For three years during the marriage a daughter of the plaintiff lived with the parties and paid $20 a month rent to the plaintiff. There is a dispute in the testimony as to whether or not she shared any of this money with the defendant.
At the time of trial defendant was retired, receiving retirement and social-security pensions totaling $137.99 per month. The parties owned an automobile valued at $700.
While there is some dispute in the testimony, it appears that both parties contributed to their living expenses and to the purchase of their furniture and cars. Both worked on improvements to the homestead. Defendant paid the taxes. The upper flat of the homestead is rented at $60 per month.
The property of the parties subject to division consisted of the homestead valued at $12,000, household furniture valued at $1,500, and the automobile valued at $700, or a total of $14,200. The trial court awarded the homestead and the car to the defendant. It awarded the furniture and the sum of $3,500 to the plaintiff, which sum included the repayment of the $1,400 advance which she made in the purchase of the homestead "plus any interest together with such share of increase in value as the wife shall be entitled to."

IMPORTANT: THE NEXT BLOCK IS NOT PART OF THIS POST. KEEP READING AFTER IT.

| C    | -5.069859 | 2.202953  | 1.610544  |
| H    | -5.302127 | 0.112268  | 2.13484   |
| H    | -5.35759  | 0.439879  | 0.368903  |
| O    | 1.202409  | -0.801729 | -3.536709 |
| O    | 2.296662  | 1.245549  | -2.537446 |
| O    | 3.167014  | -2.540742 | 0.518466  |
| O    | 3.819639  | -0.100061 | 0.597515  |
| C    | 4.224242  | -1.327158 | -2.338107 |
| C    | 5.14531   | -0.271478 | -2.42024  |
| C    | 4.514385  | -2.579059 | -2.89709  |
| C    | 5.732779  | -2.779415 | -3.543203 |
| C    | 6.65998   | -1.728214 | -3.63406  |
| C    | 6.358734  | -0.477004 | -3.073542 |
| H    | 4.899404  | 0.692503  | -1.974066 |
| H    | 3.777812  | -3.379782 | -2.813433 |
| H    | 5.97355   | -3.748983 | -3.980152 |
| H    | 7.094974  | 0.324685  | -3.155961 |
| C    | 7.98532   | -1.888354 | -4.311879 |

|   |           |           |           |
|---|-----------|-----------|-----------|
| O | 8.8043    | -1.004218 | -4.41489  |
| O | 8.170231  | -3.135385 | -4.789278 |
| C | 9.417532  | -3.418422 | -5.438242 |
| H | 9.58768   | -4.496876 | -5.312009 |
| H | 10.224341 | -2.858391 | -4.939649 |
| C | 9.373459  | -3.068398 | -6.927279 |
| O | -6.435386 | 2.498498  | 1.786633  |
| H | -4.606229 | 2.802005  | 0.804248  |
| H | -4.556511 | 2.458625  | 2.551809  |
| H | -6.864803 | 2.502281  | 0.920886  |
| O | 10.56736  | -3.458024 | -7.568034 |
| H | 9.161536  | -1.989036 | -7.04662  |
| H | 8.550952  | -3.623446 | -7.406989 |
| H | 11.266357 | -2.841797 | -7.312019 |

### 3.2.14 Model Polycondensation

It is well established that:
"The division of property, in a case of this sort, is peculiarly a matter resting in the discretion of the trial court, subject to such rules as have been established by this court for guidance in respect to the matter. Therefore, the trial determination must prevail unless clearly characterized by mistake or some manifest error respecting the detail facts upon which it rests, or disregard of established guides, amounting to a pretty clear want of judicial discretion or judgment." Gauger v. Gauger (1914), 157 Wis. 630, 632, 147 N.W. 1075.
Appellant maintains that the division made by the court is prejudicial to her and constitutes a want of judicial discretion. It is conceded that the circumstances to be considered in determining the propriety of a property division in a divorce action are the ability to earn and the earnings of the parties; the special estate of the wife; the nature of the property and the manner of its acquisition; and the behavior of the parties. Sec. 247.26, Stats.; Hull v. Hull (1956), 274 Wis. 140, 79 N.W.2d 653; Barrock v. Barrock (1950), 257 Wis. 565, 44 N.W.2d 527.